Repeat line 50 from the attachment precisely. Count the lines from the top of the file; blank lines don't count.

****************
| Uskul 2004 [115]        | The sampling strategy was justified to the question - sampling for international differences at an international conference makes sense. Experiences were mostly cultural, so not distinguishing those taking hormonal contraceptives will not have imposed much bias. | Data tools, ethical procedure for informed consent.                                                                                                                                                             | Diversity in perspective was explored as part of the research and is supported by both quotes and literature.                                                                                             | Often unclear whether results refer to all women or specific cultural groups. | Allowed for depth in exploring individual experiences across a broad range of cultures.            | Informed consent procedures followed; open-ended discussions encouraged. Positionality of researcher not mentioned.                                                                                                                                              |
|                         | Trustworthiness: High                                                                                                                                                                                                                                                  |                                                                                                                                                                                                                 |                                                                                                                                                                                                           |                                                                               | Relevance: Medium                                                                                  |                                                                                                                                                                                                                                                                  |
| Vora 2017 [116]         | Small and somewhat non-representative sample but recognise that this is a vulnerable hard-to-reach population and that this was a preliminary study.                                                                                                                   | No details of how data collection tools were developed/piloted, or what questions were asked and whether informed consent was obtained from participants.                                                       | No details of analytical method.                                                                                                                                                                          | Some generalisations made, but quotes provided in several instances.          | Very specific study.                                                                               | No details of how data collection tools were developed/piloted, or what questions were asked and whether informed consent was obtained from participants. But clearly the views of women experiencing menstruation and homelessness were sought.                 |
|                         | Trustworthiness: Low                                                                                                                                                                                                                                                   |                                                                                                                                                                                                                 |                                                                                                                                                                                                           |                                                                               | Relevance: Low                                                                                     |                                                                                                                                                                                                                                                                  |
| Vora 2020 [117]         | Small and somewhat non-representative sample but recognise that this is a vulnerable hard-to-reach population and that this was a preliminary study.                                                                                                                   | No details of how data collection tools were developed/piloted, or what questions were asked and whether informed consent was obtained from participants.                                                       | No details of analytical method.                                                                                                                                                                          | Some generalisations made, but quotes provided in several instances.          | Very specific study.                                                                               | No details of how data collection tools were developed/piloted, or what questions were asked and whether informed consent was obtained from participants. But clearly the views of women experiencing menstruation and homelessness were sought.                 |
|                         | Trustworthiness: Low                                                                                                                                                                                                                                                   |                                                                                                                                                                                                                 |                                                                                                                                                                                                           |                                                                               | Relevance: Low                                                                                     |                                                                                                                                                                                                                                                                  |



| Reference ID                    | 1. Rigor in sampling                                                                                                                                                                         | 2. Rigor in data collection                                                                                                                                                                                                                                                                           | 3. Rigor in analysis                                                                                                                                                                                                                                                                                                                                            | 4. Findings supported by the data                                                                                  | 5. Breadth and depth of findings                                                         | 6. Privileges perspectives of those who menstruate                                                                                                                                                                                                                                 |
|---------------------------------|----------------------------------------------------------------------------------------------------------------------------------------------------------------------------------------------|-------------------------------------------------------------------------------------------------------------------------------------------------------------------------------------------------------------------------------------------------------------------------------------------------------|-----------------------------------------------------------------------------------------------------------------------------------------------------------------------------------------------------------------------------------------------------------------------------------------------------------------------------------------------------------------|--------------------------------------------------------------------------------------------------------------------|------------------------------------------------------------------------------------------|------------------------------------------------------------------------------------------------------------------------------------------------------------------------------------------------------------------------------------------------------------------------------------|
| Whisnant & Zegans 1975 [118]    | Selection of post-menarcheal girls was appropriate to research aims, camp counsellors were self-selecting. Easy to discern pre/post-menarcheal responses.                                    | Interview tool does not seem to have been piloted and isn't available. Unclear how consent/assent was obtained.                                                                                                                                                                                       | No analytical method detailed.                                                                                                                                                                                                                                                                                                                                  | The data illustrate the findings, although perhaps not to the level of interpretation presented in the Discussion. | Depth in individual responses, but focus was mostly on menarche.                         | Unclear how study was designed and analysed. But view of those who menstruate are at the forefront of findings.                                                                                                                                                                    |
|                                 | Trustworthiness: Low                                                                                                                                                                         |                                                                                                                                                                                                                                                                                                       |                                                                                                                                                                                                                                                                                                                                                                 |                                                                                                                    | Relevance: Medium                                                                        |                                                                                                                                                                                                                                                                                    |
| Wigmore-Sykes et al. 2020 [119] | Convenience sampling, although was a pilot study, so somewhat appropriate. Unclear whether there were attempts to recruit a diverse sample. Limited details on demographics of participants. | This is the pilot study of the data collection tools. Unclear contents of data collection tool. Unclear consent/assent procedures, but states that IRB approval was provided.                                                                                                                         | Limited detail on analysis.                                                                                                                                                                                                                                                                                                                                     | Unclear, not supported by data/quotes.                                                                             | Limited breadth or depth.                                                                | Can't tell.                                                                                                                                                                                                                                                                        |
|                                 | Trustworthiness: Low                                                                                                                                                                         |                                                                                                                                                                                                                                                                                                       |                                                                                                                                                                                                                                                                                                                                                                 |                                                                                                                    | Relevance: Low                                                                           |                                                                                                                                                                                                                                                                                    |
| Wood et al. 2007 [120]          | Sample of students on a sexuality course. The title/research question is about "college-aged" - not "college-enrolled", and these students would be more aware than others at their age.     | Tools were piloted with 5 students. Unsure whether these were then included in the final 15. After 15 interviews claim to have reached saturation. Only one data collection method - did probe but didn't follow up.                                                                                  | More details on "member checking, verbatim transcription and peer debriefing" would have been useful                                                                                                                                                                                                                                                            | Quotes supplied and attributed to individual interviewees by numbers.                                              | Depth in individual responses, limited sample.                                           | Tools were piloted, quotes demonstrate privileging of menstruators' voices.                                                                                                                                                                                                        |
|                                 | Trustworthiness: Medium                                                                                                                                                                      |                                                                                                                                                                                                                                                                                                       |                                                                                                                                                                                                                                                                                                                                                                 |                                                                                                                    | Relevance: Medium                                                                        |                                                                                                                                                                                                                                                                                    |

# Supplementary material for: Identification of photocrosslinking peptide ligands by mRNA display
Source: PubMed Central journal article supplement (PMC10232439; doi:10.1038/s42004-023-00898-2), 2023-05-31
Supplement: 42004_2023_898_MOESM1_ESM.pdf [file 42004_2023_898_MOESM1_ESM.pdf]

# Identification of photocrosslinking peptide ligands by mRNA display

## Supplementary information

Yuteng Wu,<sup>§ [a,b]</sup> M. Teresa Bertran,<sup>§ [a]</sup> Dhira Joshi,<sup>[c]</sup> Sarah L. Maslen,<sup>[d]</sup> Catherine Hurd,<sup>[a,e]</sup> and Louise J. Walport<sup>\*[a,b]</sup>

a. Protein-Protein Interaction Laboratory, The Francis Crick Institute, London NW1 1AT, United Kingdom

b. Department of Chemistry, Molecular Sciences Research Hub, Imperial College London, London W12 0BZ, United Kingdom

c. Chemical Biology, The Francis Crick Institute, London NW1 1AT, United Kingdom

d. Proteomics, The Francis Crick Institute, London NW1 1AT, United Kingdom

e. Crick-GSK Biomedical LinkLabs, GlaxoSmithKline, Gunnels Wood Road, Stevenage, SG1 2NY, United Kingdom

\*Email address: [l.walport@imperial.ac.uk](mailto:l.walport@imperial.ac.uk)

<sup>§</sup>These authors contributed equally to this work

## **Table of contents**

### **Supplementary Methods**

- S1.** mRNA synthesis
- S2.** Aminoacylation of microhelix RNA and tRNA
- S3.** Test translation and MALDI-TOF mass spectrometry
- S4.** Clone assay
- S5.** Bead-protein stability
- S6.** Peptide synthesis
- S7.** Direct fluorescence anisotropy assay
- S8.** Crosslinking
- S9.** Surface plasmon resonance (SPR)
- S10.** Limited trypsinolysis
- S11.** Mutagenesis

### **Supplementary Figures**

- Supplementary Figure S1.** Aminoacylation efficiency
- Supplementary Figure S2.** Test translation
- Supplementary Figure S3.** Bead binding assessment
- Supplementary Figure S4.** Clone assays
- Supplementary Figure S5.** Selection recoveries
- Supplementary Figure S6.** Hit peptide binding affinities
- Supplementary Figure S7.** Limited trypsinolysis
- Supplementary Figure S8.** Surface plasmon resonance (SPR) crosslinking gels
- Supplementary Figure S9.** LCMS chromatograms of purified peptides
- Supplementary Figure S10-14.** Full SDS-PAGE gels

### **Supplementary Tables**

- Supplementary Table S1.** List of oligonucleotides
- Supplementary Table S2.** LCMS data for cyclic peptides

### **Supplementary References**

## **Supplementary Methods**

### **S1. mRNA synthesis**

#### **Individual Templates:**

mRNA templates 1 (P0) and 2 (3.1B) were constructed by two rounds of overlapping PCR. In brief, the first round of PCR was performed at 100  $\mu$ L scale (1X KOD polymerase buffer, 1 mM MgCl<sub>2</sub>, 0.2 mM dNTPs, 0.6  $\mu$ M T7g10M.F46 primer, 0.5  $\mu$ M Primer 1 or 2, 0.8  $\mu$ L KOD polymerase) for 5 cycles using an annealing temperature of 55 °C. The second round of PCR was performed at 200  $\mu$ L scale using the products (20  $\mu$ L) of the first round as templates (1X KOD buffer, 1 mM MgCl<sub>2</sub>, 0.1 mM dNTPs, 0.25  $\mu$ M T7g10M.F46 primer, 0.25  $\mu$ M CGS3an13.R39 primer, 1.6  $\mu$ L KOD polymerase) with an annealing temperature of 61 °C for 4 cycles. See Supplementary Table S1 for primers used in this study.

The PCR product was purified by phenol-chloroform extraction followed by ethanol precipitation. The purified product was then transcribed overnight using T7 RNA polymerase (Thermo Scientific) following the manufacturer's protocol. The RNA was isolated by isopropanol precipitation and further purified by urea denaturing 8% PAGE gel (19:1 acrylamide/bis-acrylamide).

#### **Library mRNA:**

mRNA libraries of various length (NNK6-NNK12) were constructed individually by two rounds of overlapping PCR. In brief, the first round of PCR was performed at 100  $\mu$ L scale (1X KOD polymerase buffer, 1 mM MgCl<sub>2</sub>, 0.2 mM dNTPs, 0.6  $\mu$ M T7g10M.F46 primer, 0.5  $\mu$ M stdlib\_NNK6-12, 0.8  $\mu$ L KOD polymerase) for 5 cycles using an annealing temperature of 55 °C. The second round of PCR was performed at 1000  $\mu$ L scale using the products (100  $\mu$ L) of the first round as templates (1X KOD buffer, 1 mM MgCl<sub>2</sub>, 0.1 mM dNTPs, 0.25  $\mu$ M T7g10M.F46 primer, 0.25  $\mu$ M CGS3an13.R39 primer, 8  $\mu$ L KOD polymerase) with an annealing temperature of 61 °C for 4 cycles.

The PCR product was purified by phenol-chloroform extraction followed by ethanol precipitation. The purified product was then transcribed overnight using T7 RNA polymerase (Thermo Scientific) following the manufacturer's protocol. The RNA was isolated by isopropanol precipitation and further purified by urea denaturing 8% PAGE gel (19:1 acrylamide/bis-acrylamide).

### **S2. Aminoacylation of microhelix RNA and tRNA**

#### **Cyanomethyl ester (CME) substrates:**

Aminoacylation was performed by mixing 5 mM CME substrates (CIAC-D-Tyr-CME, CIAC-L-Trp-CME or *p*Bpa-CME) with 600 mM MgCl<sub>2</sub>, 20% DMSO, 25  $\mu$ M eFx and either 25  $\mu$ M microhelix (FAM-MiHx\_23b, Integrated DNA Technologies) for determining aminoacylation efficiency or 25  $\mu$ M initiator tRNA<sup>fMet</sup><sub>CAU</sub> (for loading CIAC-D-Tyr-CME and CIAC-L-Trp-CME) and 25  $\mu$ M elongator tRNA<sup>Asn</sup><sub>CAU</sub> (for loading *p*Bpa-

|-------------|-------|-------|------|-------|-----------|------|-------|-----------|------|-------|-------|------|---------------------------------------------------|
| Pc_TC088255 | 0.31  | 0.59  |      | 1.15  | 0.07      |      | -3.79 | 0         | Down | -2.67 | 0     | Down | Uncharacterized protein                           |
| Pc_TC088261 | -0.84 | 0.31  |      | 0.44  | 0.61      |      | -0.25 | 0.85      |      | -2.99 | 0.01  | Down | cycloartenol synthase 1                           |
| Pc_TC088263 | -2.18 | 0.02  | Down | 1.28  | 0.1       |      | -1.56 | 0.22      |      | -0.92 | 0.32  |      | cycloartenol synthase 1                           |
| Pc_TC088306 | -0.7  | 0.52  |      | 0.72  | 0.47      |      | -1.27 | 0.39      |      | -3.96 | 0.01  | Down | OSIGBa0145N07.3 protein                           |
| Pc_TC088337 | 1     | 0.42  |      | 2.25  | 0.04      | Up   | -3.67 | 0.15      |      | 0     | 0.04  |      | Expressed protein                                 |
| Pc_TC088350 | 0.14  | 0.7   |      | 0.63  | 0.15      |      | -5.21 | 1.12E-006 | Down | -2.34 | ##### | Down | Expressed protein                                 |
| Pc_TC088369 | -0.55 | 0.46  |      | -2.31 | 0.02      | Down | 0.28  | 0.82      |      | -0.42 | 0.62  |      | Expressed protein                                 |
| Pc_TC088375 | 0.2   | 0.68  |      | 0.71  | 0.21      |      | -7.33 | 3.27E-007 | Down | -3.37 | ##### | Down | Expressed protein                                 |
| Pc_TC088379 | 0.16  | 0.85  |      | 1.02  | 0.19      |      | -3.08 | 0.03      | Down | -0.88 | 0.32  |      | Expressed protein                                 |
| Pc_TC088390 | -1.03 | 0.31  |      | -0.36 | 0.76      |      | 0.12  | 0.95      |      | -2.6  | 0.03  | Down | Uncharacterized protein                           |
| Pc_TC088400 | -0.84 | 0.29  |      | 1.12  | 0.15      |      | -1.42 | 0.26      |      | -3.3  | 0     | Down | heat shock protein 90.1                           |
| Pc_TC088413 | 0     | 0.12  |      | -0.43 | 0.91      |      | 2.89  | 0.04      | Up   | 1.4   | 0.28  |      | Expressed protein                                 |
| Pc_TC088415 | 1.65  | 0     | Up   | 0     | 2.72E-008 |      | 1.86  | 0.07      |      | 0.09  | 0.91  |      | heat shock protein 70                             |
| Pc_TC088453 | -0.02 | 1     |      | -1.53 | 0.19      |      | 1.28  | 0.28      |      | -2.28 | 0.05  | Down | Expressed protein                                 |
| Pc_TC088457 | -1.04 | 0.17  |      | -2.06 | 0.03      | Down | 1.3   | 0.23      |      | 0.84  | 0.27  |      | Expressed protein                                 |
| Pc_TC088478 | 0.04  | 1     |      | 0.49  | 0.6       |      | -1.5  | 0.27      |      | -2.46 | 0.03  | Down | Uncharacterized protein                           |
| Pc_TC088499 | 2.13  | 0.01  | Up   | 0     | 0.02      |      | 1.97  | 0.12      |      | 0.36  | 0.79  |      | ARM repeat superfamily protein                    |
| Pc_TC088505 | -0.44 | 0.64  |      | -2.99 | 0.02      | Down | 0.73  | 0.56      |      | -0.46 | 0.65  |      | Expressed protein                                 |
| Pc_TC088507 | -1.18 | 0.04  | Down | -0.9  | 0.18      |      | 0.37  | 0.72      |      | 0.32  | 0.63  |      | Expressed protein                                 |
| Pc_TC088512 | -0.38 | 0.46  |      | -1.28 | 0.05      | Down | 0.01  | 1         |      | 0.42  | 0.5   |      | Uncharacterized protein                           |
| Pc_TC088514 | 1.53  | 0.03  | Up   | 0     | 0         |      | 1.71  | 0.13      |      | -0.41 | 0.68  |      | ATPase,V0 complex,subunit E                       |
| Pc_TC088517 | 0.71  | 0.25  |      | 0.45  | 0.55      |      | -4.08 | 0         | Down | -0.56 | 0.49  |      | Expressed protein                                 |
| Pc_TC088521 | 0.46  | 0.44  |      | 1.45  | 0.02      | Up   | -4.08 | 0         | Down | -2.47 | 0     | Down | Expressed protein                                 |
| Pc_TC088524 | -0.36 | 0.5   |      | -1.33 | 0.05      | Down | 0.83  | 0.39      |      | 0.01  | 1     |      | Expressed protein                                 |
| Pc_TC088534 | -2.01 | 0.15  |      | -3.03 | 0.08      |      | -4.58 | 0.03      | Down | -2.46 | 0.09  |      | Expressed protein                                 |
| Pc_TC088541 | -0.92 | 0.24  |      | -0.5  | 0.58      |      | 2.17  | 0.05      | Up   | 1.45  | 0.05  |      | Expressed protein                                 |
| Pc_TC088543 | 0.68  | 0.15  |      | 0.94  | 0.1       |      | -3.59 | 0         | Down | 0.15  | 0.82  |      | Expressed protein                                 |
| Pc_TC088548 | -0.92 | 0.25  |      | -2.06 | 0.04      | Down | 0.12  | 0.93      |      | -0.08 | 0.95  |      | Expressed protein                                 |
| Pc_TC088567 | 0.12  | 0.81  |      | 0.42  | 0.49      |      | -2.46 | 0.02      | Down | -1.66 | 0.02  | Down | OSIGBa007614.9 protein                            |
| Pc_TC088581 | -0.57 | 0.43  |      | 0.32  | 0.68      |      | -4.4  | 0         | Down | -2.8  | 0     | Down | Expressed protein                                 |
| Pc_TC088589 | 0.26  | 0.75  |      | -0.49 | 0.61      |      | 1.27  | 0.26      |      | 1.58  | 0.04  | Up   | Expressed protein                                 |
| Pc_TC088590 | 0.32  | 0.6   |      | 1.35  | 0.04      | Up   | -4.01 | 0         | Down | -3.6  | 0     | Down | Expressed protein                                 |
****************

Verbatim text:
- Supplementary Figure S9.** LCMS chromatograms of purified peptides